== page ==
Recent studies have identified two subsets of blood monocytes based on their expression of CX3CR1. High expression identified a population associated with immune surveillance and precursors of resident tissue macrophages. CX3R1lo have been found to infiltrate sites of inflammation, possibly via CCR2, and may be precursors of circulating dendritic cells. Moreover, binding of CX3L1 was suggested to provide a survival signal to CX3R1hi monocytes. 22 In support of this CX3CR1+ microglia express CD95 and CD95L, and CX3CL1 treatment of microglia maintains cell survival and inhibits Fas-ligand induced apoptosis in vitro. Survival is related to inhibition of the proapoptotic molecules BAD and BID and upregulation of Bcl-xL. 23 Therefore, it is possible that CX3CR1 M280, which is related to reduced function, affects recruitment of CX3R1hi resident monocyte precursors, but has little influence on inflammatory monocytes. Of note, in support of this hypothesis, monocytes have a sentinel protective role against age-related macular degeneration. 24 An association between CX3CR1 I249 and M280 has been described in patients with AMD compared with control subjects. Moreover, retinal cells microdissected from AMD and normal archival tissue were analyzed in a recent study. The M280 allele was found at a significantly higher frequency in cells from patients with AMD than in the normal population. Moreover, cells from patients with AMD had less CX3CR1 transcript and protein, which suggests that both altered function and expression of CX3CR1 contribute to AMD, possibly through a decrease in chemoattraction of inflammatory cells. 25 26  
A final possibility is that CX3CR1 is involved in neuronal cell protection. It is strongly expressed on Müller cells in human retina. 7 Both CX3CR1 and CX3CL1 are highly expressed in human and rodent brain. 5 Resident microglia in the parenchyma, the choroid plexus, and meninges express CX3CR1, neurons express both receptor and ligand, whereas astrocytes and oligodendrocytes express neither. In a prion-induced model of brain inflammation, upregulation of CX3CL1 and CX3CR1 expression in astrocytes and microglia, respectively, correlated with neuronal loss. In contrast, acute activation of resident microglia and astrocytes resulting from intracerebral LPS injection did not result in a significant increase in either CX3CL1 or CX3CR1, and intracerebral injection of CX3CL1 induced microglia activation without the recruitment of blood-borne cells. 27 Moreover, CX3CR1-CX3CL1 interaction inhibited the release of TNF, IL-6, and nitric oxide by monocytes and activated microglia, and reduced neuronal cytotoxicity by neurotoxins. 28 29 Therefore, it is possible that the differential function of these molecules in acute and chronic neurodegeneration reflects the local cytokine environment, which switches microglia from a pro- to anti-inflammatory phenotype and protects against neuronal cell death. The effect of CX3CR1 polymorphisms on retinal microglia have yet to be elucidated. 
Our data that demonstrate an association between a haplotype linked to reduced function for CX3CR1 are intriguing because of the potentially opposing nature of CX3CR1-mediated responses. If CX3CR1 were involved directly in leukocyte trafficking into retinal tissue, then a reduced function would be beneficial to patients with RV. However, if mechanisms such as those involved in the protection of neuronal cells (i.e., photoreceptor cells) from cell death are involved in retinal vasculitis, expression of a genetic haplotype of CX3CR1 associated with reduced function would lead to more destructive disease and loss of visual acuity. Further functional work is needed to assess these two possibilities.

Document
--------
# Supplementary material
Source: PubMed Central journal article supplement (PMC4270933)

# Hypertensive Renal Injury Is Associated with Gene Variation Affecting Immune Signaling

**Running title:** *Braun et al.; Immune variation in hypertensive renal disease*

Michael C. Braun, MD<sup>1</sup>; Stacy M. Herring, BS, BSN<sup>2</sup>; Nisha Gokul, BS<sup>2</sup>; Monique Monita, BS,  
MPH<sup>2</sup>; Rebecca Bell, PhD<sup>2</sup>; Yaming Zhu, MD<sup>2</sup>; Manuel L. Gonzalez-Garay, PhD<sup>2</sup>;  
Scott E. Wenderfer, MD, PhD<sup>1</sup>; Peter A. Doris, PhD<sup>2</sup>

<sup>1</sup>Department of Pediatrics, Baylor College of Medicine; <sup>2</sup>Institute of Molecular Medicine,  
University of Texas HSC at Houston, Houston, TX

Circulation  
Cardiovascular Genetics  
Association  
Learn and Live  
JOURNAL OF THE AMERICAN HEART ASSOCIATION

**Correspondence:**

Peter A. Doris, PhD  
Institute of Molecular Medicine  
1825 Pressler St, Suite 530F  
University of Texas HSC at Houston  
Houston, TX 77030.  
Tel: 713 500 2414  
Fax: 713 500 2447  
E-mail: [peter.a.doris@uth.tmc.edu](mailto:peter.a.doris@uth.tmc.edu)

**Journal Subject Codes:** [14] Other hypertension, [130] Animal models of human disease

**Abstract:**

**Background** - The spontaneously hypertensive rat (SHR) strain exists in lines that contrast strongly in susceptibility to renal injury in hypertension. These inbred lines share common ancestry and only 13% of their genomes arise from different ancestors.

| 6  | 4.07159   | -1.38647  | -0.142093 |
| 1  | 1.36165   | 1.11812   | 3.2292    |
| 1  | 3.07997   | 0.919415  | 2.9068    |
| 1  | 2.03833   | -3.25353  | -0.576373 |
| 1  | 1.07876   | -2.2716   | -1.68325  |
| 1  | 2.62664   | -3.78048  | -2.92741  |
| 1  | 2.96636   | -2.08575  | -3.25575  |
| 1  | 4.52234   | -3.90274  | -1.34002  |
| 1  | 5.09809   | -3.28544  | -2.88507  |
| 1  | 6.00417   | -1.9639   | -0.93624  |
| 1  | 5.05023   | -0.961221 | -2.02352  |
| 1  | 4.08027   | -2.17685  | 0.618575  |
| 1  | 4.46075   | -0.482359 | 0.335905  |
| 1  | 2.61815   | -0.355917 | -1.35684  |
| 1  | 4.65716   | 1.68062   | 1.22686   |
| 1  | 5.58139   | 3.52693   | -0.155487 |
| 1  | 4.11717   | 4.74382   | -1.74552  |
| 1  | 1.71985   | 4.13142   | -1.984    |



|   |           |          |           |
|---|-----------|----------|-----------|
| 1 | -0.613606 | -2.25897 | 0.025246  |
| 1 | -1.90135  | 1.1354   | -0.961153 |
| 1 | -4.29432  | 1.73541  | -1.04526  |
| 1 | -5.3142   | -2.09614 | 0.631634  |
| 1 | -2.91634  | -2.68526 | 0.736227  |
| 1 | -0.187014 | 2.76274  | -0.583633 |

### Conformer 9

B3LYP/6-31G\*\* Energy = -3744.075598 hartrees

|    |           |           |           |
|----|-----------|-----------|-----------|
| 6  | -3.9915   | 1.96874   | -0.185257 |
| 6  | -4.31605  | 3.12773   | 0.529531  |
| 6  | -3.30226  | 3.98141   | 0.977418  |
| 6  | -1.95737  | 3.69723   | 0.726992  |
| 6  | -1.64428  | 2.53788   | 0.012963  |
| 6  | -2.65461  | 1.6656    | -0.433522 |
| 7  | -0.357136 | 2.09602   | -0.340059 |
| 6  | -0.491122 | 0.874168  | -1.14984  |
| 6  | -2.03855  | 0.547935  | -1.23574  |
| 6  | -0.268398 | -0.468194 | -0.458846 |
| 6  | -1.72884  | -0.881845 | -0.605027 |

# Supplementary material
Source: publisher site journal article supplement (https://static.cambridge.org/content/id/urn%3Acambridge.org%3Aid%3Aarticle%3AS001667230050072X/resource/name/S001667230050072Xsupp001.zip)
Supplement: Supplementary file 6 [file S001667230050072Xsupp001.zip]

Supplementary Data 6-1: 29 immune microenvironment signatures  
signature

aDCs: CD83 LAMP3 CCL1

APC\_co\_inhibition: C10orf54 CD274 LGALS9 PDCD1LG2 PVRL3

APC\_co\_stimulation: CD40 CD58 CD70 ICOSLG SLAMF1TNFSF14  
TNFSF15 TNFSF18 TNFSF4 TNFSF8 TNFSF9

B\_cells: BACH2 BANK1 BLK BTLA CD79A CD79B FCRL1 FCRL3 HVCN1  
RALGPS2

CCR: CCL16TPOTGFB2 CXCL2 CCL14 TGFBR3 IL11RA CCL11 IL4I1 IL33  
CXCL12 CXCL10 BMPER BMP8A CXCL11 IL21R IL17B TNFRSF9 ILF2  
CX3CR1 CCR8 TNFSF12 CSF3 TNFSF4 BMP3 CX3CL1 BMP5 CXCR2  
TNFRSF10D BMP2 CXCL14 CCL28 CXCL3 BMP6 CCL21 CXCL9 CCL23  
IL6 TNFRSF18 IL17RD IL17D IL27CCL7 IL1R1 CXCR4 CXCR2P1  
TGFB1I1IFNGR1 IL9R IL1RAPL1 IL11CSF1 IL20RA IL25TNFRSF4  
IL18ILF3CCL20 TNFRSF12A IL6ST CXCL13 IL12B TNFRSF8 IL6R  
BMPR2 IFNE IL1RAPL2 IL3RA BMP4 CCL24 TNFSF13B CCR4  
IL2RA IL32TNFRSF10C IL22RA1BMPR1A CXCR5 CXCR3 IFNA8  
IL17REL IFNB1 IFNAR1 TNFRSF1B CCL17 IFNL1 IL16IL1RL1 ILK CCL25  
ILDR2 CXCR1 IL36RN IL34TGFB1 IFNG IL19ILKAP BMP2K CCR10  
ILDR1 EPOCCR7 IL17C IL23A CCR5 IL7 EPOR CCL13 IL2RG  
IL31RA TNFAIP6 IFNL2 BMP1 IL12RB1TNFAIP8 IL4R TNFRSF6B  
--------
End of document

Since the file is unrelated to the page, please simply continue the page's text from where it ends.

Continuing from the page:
Table 1.
 
Haplotype Analysis of CX3CR1 Polymorphisms V249I and T280M
Table 1.
 
Haplotype Analysis of CX3CR1 Polymorphisms V249I and T280M
Haplotype Control (n = 95) RV Patients (n = 126)
V249I
 VV 63 (66) 71 (56)
 VI 25 (26) 45 (36)
 II 7 (8) 10 (8)
 V 151 (79) 187 (74)
 I 39 (21) 65 (26)
T280M
 TT 79 (83) 84 (67)
 TM 12 (13) 35 (28)
 MM 4 (4) 7 (5)
 T 170 (89) 203 (81)
 M 20 (11) 49 (19)
Table 2.
 
Haplotype Analysis of CX3CR1 I249V and M280T in Patients with RV
Table 2.
 
Haplotype Analysis of CX3CR1 I249V and M280T in Patients with RV
Haplotype* 249/280 Control Subjects (n = 95) RV Patients (n = 126)
(1) VV/TT 63 (66) 71 (56)
(2) II/TT 2 (2) 1 (1)
(3) II/MM 4 (4) 7 (6)
(4) II/TM 1 (1) 2 (2)
(5) VI/TT 15 (16) 12 (10)
(6) IV/TM 10 (11) 33 (25)*
Table 3.
 
The Three Complex Haplotypes Found in the Study
Table 3.
 
The Three Complex Haplotypes Found in the Study
Haplotype Control Subjects RV Patients
V249/T280 151 (80) 187 (75)
I249/T280 20 (10) 16 (6)
I249/M280 19 (10) 49 (19)*
Table 4.
 
Clinical Form of RV Based on Retinal Fluorescein Angiography
Table 4.
 
Clinical Form of RV Based on Retinal Fluorescein Angiography
Male Female
Ischemic 15 6
Nonischemic 34 71
Table 5.
 
CX3CR1 T280M Genotype and Form of Retinal Vasculitis with Patients Separated into Ischemic and Nonischemic Groups Based on Retinal Angiography
Table 5.
 
CX3CR1 T280M Genotype and Form of Retinal Vasculitis with Patients Separated into Ischemic and Nonischemic Groups Based on Retinal Angiography
CX3CR1 T280M Ischaemic (n = 21) Nonischaemic (n = 105) Control (n = 95)
MM 7 4
MT 6 29 12
TT 15 69 79
M 6 43 20
T 36 167 170
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Table 1.
 
Haplotype Analysis of CX3CR1 Polymorphisms V249I and T280M
Table 1.
 
Haplotype Analysis of CX3CR1 Polymorphisms V249I and T280M
Haplotype Control (n = 95) RV Patients (n = 126)
V249I
 VV 63 (66) 71 (56)
 VI 25 (26) 45 (36)
 II 7 (8) 10 (8)
 V 151 (79) 187 (74)
 I 39 (21) 65 (26)
T280M
 TT 79 (83) 84 (67)
 TM 12 (13) 35 (28)
 MM 4 (4) 7 (5)
 T 170 (89) 203 (81)
 M 20 (11) 49 (19)
Table 2.
 
Haplotype Analysis of CX3CR1 I249V and M280T in Patients with RV
Table 2.
 
Haplotype Analysis of CX3CR1 I249V and M280T in Patients with RV
Haplotype* 249/280 Control Subjects (n = 95) RV Patients (n = 126)
(1) VV/TT 63 (66) 71 (56)
(2) II/TT 2 (2) 1 (1)
(3) II/MM 4 (4) 7 (6)
(4) II/TM 1 (1) 2 (2)
(5) VI/TT 15 (16) 12 (10)
(6) IV/TM 10 (11) 33 (25)*
Table 3.
 
The Three Complex Haplotypes Found in the Study
Table 3.
 
The Three Complex Haplotypes Found in the Study
Haplotype Control Subjects RV Patients
V249/T280 151 (80) 187 (75)
I249/T280 20 (10) 16 (6)
I249/M280 19 (10) 49 (19)*
Table 4.
 
Clinical Form of RV Based on Retinal Fluorescein Angiography
Table 4.
 
Clinical Form of RV Based on Retinal Fluorescein Angiography
Male Female
Ischemic 15 6
Nonischemic 34 71
Table 5.
 
CX3CR1 T280M Genotype and Form of Retinal Vasculitis with Patients Separated into Ischemic and Nonischemic Groups Based on Retinal Angiography
Table 5.
 
CX3CR1 T280M Genotype and Form of Retinal Vasculitis with Patients Separated into Ischemic and Nonischemic Groups Based on Retinal Angiography
CX3CR1 T280M Ischaemic (n = 21) Nonischaemic (n = 105) Control (n = 95)
MM 7 4
MT 6 29 12
TT 15 69 79
M 6 43 20
T 36 167 170